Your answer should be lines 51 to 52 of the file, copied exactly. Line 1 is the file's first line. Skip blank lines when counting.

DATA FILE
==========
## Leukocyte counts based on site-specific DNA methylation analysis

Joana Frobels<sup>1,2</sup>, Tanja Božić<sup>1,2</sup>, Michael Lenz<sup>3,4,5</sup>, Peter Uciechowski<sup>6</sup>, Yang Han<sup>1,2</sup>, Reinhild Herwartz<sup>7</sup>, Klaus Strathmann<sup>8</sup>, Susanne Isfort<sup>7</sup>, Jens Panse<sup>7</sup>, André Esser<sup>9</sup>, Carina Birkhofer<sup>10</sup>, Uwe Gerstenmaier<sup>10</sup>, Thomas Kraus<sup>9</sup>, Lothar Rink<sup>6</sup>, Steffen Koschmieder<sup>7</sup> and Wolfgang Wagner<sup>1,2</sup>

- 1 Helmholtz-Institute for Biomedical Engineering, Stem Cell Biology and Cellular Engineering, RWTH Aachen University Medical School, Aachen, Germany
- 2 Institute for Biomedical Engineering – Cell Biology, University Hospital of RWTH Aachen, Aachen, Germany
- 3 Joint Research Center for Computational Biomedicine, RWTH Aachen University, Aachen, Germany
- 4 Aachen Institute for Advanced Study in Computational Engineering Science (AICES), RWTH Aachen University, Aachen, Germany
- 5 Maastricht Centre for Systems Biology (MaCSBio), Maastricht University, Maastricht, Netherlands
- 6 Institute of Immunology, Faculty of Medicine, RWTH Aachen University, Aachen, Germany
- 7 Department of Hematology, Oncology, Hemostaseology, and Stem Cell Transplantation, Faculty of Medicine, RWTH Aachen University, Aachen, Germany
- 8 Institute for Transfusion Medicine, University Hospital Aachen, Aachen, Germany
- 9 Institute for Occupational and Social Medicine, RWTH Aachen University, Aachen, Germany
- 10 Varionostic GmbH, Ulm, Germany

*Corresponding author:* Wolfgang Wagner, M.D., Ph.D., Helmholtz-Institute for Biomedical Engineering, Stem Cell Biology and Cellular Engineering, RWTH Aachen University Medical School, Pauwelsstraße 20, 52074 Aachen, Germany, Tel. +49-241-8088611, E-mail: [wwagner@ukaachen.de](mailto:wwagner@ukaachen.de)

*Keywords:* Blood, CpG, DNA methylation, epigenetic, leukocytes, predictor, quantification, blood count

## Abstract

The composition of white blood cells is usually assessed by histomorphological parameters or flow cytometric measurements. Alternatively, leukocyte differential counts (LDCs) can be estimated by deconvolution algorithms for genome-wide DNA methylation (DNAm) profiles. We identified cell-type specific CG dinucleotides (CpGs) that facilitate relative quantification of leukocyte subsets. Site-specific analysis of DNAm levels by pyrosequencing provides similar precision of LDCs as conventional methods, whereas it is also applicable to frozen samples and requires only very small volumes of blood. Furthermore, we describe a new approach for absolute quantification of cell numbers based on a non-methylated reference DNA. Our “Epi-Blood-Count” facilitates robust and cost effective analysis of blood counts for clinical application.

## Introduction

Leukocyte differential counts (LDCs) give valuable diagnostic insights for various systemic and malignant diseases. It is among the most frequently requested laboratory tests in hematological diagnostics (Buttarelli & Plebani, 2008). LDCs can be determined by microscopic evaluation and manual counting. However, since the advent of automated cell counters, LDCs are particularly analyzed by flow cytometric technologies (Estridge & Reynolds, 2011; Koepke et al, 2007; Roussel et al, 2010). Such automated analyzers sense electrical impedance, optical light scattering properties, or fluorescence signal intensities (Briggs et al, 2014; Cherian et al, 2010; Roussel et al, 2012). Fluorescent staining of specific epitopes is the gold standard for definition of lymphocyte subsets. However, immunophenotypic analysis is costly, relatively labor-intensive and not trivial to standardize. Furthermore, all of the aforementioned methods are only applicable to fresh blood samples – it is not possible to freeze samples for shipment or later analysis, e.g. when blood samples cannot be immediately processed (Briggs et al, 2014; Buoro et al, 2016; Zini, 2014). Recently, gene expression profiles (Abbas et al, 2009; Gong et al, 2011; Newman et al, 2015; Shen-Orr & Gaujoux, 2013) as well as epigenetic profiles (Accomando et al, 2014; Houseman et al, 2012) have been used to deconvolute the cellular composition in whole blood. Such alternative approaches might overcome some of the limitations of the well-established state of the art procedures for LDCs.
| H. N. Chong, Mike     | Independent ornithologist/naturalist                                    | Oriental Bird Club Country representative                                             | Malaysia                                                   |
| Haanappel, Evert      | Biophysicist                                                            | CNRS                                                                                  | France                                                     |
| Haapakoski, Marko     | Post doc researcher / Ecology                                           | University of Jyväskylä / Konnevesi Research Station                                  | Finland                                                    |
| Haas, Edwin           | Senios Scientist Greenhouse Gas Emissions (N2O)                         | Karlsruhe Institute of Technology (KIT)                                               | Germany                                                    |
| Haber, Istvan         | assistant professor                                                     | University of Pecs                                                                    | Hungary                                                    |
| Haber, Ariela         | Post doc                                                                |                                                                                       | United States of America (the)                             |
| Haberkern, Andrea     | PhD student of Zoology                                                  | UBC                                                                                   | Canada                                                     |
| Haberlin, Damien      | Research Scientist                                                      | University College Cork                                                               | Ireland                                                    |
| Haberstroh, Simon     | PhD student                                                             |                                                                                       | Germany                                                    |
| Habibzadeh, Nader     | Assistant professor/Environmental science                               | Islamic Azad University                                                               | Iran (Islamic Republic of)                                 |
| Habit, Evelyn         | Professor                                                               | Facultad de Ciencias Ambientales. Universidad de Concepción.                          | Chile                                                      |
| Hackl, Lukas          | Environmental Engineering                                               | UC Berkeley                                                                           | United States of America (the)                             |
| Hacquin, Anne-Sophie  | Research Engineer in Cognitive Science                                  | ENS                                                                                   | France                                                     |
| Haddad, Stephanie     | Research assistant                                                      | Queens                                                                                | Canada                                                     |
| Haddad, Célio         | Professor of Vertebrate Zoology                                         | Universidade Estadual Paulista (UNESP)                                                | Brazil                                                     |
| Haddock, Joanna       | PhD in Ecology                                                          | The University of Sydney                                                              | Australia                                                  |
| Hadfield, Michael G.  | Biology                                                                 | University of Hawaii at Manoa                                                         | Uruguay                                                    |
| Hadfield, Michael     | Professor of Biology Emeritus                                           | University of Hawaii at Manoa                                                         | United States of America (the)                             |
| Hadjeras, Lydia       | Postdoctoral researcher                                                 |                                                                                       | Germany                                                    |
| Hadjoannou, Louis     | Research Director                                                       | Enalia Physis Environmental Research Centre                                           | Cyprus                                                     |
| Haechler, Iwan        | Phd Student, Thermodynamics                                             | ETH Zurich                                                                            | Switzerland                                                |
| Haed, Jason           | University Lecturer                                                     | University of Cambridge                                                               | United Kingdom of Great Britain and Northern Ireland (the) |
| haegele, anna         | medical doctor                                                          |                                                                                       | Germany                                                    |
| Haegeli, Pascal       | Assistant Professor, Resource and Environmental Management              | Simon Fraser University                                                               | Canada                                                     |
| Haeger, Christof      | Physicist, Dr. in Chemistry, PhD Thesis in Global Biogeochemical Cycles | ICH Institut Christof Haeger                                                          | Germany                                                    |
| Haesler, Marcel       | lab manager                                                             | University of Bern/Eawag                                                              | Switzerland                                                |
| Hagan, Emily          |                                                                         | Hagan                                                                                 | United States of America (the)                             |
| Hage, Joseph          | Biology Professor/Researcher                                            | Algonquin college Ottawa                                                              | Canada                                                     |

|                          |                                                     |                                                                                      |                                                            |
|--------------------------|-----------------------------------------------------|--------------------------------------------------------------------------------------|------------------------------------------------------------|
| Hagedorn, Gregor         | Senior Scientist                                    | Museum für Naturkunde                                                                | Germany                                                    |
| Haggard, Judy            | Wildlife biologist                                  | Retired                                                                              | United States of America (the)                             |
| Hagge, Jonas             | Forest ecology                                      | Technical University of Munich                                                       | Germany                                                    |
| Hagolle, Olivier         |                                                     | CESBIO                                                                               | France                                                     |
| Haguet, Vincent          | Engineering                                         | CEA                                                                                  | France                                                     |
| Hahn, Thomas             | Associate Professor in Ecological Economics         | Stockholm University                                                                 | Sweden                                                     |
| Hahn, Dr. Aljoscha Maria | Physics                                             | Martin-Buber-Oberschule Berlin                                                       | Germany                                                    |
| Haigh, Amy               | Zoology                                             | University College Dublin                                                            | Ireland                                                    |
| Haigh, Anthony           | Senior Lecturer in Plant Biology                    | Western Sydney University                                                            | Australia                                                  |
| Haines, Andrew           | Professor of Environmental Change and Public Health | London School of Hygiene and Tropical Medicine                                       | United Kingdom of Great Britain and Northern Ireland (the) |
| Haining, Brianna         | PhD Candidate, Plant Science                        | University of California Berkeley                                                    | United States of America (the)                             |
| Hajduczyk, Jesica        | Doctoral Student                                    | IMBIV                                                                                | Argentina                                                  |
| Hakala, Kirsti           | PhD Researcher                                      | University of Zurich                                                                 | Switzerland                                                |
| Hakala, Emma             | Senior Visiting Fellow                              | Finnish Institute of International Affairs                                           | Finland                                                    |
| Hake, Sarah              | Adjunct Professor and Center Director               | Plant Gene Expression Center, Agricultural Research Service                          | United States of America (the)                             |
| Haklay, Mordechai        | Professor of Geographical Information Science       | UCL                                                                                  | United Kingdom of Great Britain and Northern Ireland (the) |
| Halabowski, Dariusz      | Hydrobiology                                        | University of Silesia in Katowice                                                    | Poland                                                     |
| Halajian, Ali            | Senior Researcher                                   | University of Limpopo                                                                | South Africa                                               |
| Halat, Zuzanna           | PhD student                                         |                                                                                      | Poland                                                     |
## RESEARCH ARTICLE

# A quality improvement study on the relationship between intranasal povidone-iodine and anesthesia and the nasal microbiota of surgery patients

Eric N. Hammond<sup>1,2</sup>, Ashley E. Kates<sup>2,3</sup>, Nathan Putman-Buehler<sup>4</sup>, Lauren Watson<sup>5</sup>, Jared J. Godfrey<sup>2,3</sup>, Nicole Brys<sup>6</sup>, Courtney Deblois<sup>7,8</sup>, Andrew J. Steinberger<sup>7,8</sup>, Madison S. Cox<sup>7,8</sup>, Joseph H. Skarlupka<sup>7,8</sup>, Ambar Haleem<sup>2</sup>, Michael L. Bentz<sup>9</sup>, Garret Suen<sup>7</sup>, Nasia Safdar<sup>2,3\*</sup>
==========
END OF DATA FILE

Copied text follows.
| Hagge, Jonas             | Forest ecology                                      | Technical University of Munich                                                       | Germany                                                    |
| Hagolle, Olivier         |                                                     | CESBIO                                                                               | France                                                     |